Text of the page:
Residents in the Swiss village of Rüschlikon are celebrating an unexpectedly generous Christmas tax break thanks to billionaire Ivan Glasenberg, the head of commodities giant Glencore, who lives there.
The village council voted this week to cut locally levied income tax from 79 to 72 per cent after finding the municipal coffers had amassed a Sfr60million (£41m) surplus, amounting to Sfr12,000 (£8,300) for each of the community’s 5,200 residents.
The substantial windfall was both a product of Mr Glasenberg’s wealth and the Swiss tax system which obliges taxpayers to contribute to both their local authorities and central government.
The $11bn flotation of the Swiss commodity group, Glencore, in May this year turned Mr Glasenberg into a multi-billionaire.
Rüschlikon, which is on the northern shores of Lake Zurich, does not get as much sun as its super rich opposite number - the so-called "Gold coast" on the lake's southern shore - which is home to countless million and billionaires.Yet it is home to several Glencore executives.
Mayor Bernhard Elsener said after the tax break was approved by the village council the reduction was “directly linked” to Glencore’s flotation.
However he rejected demands from leftwing and church campaigners that the town should donate one million Swiss francs of the windfall to compensate communities in developing countries, which they claim have been adversely affected by Glencore's operations.
The commodities giant has been criticised by environmental and corruption campaigners for transactions carried out in Third World countries such as Zambia and Colombia. Glencore's critics argue that it is guilty of encouraging mining companies to plunder poor countries rich in natural rescources but with weak governments.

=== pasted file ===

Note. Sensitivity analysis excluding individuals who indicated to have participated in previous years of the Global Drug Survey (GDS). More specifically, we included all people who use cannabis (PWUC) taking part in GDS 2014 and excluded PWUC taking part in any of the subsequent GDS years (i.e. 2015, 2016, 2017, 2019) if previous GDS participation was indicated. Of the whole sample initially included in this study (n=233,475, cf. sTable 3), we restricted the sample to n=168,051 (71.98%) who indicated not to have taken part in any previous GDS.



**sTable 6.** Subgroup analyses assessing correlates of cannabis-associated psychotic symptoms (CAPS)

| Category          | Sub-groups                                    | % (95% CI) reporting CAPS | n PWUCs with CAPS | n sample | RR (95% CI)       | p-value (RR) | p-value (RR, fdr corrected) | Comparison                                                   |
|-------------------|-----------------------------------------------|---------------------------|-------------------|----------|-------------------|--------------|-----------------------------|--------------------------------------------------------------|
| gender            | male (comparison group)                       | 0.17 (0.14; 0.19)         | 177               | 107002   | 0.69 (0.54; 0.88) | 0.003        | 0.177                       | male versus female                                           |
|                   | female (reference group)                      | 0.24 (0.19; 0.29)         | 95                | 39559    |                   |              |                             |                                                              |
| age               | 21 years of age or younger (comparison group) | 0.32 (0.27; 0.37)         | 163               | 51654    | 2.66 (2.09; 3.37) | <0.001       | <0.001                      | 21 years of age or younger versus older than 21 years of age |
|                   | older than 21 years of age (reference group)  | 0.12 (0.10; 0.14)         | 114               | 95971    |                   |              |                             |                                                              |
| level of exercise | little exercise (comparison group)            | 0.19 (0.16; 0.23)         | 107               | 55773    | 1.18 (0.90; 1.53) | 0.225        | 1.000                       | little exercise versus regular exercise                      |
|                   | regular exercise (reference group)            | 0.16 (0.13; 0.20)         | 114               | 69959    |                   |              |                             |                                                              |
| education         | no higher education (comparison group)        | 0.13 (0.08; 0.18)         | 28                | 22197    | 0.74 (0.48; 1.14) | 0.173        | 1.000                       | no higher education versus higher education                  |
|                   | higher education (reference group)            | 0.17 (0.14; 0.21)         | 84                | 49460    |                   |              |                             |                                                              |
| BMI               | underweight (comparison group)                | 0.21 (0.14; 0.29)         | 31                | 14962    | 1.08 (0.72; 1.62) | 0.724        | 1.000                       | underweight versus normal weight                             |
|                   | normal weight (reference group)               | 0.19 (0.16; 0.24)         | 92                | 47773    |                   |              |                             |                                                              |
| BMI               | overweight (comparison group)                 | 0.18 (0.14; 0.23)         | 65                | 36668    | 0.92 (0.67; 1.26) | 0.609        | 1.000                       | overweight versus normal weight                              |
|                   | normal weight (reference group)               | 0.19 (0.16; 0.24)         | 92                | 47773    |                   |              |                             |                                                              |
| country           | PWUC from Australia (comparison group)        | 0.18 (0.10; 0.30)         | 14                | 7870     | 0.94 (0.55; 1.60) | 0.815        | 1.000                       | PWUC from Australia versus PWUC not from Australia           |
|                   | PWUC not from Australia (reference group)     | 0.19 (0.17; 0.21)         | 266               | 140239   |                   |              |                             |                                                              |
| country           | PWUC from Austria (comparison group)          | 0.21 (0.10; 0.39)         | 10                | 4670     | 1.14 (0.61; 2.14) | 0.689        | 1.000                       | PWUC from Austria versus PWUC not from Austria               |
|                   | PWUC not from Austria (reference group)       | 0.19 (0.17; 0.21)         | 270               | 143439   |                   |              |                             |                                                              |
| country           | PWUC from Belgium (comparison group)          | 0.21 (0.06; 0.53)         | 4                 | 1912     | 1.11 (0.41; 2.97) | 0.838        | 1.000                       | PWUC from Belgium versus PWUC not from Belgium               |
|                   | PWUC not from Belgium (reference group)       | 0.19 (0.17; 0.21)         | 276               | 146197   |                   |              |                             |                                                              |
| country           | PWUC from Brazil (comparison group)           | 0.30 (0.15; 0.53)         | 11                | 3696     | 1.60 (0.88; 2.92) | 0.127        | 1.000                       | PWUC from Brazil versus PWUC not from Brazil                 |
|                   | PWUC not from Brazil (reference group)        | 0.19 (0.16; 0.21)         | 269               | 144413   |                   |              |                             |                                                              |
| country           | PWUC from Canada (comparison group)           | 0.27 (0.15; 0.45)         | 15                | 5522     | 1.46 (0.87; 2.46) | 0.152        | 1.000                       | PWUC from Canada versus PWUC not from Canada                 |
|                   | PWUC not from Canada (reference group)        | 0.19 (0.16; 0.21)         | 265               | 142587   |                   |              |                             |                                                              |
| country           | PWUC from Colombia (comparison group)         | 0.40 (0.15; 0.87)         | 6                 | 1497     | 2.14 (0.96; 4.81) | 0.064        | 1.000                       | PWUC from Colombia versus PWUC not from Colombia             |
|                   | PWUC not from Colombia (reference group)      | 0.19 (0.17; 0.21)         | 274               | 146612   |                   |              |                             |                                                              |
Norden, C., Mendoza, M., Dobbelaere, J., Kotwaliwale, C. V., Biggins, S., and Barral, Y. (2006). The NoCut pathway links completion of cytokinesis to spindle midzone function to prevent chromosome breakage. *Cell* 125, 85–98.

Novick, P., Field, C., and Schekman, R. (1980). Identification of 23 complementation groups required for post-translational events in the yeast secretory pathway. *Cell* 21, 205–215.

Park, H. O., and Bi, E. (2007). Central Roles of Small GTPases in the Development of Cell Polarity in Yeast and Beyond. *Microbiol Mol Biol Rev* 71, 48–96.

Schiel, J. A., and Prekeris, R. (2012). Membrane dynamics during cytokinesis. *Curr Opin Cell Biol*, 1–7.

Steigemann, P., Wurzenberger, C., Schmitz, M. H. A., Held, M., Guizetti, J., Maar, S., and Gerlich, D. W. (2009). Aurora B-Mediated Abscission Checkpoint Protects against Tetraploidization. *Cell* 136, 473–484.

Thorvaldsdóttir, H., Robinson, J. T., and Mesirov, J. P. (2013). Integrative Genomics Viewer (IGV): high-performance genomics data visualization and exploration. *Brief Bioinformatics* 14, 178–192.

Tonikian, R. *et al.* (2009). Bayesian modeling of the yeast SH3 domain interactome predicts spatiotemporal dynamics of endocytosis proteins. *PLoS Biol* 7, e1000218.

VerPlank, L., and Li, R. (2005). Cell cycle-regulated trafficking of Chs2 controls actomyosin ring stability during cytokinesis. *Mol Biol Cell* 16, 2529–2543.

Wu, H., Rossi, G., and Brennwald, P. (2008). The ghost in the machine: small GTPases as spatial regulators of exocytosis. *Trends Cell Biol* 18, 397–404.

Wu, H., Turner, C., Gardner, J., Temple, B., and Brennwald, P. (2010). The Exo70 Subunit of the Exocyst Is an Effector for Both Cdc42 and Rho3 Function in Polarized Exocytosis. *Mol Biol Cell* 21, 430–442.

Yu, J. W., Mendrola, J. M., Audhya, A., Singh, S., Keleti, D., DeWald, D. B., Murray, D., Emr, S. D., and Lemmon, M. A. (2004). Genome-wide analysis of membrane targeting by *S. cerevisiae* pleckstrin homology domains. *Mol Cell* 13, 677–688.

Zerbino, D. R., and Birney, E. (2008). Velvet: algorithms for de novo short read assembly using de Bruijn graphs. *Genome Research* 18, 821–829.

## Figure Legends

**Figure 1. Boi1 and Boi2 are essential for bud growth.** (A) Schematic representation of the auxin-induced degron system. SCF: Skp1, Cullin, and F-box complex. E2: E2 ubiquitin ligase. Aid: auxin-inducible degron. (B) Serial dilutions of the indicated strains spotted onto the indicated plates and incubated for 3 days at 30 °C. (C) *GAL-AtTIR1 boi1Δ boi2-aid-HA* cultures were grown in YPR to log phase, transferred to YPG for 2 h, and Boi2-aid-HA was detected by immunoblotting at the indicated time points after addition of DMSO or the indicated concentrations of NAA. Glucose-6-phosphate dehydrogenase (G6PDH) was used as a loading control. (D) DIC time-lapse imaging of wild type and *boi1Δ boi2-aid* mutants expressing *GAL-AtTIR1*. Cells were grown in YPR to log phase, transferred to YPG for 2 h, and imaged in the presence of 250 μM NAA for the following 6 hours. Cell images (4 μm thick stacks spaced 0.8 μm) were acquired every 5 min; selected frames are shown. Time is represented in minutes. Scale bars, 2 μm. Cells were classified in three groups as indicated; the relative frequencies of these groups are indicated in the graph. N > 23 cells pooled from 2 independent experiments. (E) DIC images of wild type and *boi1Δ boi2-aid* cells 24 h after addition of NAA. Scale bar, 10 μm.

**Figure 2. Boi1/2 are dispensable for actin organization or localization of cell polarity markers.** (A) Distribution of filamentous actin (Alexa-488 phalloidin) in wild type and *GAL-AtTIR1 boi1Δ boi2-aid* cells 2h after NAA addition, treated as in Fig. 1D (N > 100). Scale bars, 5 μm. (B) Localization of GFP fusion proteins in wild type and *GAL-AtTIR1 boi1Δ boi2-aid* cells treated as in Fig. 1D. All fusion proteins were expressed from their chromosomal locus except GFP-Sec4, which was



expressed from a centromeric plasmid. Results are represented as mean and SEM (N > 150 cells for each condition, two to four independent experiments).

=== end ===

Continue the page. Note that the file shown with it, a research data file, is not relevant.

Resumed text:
"The people of Rüschlikon prefer to demonstrate solidarity in private rather than via the muncipality," Mr Elsener said.
The village council approved the tax break after exercising the Swiss direct democracy a system, which dictates that decisions are first taken directly by resident voters on the spot. Mr Elsener said the tax break vote attracted an unusually good turnout of some 424 voters.
Their numbers were increased by protesters from local church and leftwing organisations demanding a Third World compensation payment. The protesters distributed leaflets claiming that Glencore's business practices were "unfair and not sustainable." However their demands were voted down by a large majority.
Mr Glasenberg's 15.8 per cent stake in Glencore was worth around $9 billion on flotation. The South African born executive was granted Swiss citizenship last December and is rated as the country's eighth wealthiest person with a fortune worth between six and seven billion Swiss Francs.
Both Glencore and Mr Glasenberg refused to comment on Ruschlikon's decision to cut taxes. However the company rejected charges that its business practices exploited Third World countries. " Glencore applies strict standards at its operations around the world," a spokesperson insisted.
Swiss observers have pointed out that Ruschlikon has a vested interest in retaining its wealthy residents and doing as little as possible to offend them.
Mr Glasenberg has lived in the village in the canton of Zurich since 1994. Yet if he wanted to retain more of his fortune, Mr Glasenberg could simply move to Canton Schwyz, which starts just a few kilometres along the shores of lake Zurich and boasts the lowest taxes for the rich in Switzerland.